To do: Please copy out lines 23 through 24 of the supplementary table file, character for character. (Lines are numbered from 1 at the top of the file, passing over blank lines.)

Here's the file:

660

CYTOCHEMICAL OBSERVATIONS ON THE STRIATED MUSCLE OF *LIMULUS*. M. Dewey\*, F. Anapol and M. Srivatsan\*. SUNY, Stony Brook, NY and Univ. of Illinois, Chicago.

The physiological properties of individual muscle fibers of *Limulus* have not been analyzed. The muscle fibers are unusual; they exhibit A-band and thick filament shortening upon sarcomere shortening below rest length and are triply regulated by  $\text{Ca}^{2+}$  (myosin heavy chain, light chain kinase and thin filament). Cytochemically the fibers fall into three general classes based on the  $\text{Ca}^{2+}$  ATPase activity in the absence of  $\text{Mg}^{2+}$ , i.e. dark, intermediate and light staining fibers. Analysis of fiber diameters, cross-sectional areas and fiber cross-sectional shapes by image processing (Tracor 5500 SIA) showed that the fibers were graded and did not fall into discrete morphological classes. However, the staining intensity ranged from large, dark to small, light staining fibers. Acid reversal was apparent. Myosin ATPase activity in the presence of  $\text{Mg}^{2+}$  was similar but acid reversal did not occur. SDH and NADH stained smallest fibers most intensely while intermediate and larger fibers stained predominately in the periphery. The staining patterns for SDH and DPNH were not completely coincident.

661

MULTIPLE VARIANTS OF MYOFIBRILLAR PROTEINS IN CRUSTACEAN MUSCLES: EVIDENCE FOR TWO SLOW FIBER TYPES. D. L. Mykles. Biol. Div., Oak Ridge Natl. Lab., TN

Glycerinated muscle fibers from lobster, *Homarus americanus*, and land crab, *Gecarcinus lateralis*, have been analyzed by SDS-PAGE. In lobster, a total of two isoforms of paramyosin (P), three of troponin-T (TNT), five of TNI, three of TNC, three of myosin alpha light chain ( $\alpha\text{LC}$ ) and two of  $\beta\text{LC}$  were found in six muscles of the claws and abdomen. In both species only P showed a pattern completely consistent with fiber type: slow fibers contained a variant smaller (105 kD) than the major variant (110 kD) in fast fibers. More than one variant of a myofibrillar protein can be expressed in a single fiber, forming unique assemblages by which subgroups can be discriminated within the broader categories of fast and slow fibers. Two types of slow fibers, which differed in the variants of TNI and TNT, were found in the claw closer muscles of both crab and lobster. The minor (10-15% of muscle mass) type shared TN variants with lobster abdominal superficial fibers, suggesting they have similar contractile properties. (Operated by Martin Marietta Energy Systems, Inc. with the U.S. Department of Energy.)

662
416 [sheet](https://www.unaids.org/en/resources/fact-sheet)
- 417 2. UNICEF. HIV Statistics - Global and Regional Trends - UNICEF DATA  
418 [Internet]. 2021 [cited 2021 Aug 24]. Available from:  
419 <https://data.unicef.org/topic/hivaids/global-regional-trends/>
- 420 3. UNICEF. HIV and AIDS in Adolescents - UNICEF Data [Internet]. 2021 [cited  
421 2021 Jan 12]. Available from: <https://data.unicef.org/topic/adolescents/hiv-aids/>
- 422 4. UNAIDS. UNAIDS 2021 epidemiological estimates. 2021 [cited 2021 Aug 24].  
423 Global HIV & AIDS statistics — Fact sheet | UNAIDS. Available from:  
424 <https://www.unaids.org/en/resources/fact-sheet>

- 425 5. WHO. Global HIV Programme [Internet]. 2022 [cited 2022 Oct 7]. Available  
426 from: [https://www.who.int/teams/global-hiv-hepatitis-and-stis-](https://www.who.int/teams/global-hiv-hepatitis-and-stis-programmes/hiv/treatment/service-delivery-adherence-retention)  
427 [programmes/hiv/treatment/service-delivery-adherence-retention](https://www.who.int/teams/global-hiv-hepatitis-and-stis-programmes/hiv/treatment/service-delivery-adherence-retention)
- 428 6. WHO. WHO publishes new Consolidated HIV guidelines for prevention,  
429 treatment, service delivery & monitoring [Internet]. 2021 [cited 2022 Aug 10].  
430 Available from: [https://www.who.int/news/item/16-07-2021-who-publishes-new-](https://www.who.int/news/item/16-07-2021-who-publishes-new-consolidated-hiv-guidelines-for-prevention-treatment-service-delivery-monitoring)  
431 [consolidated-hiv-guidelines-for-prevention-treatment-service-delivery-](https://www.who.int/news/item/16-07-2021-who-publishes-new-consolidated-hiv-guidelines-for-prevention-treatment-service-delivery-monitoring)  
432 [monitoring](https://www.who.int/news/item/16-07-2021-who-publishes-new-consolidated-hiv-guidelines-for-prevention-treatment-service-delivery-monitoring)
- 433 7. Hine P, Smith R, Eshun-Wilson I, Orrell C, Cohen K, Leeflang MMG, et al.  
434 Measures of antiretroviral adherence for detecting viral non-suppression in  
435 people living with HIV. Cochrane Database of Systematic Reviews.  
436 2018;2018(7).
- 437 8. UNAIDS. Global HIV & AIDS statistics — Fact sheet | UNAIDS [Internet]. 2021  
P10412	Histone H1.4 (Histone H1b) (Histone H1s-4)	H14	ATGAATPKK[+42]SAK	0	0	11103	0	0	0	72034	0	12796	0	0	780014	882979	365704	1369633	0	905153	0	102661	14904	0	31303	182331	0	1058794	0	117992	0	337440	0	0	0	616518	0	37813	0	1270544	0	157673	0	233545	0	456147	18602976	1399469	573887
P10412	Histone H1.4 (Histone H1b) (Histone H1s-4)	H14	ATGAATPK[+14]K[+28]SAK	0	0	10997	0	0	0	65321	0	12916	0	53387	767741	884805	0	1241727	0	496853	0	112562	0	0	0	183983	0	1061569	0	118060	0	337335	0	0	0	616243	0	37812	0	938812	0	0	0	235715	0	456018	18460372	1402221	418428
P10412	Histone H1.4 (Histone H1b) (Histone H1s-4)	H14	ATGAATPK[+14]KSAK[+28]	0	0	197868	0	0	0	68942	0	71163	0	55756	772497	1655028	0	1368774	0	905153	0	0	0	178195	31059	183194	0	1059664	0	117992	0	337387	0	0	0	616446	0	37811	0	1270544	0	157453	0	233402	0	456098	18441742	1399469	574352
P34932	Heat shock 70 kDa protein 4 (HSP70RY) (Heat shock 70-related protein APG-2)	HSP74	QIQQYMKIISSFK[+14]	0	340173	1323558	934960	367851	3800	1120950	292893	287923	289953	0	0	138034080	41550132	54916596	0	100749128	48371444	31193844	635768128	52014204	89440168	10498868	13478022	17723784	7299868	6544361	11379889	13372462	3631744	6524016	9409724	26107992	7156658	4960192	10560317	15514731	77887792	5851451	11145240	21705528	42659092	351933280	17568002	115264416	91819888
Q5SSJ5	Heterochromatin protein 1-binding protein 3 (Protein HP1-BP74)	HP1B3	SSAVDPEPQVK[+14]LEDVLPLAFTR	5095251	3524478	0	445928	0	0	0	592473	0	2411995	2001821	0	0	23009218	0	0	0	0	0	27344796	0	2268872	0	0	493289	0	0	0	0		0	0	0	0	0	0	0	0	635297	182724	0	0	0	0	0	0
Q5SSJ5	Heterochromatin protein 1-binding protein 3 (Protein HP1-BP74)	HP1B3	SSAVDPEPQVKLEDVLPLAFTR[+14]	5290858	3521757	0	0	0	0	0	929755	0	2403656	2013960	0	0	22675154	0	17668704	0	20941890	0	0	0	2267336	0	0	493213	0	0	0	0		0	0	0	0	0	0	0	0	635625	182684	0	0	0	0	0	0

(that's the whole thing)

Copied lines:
431 [consolidated-hiv-guidelines-for-prevention-treatment-service-delivery-](https://www.who.int/news/item/16-07-2021-who-publishes-new-consolidated-hiv-guidelines-for-prevention-treatment-service-delivery-monitoring)  
432 [monitoring](https://www.who.int/news/item/16-07-2021-who-publishes-new-consolidated-hiv-guidelines-for-prevention-treatment-service-delivery-monitoring)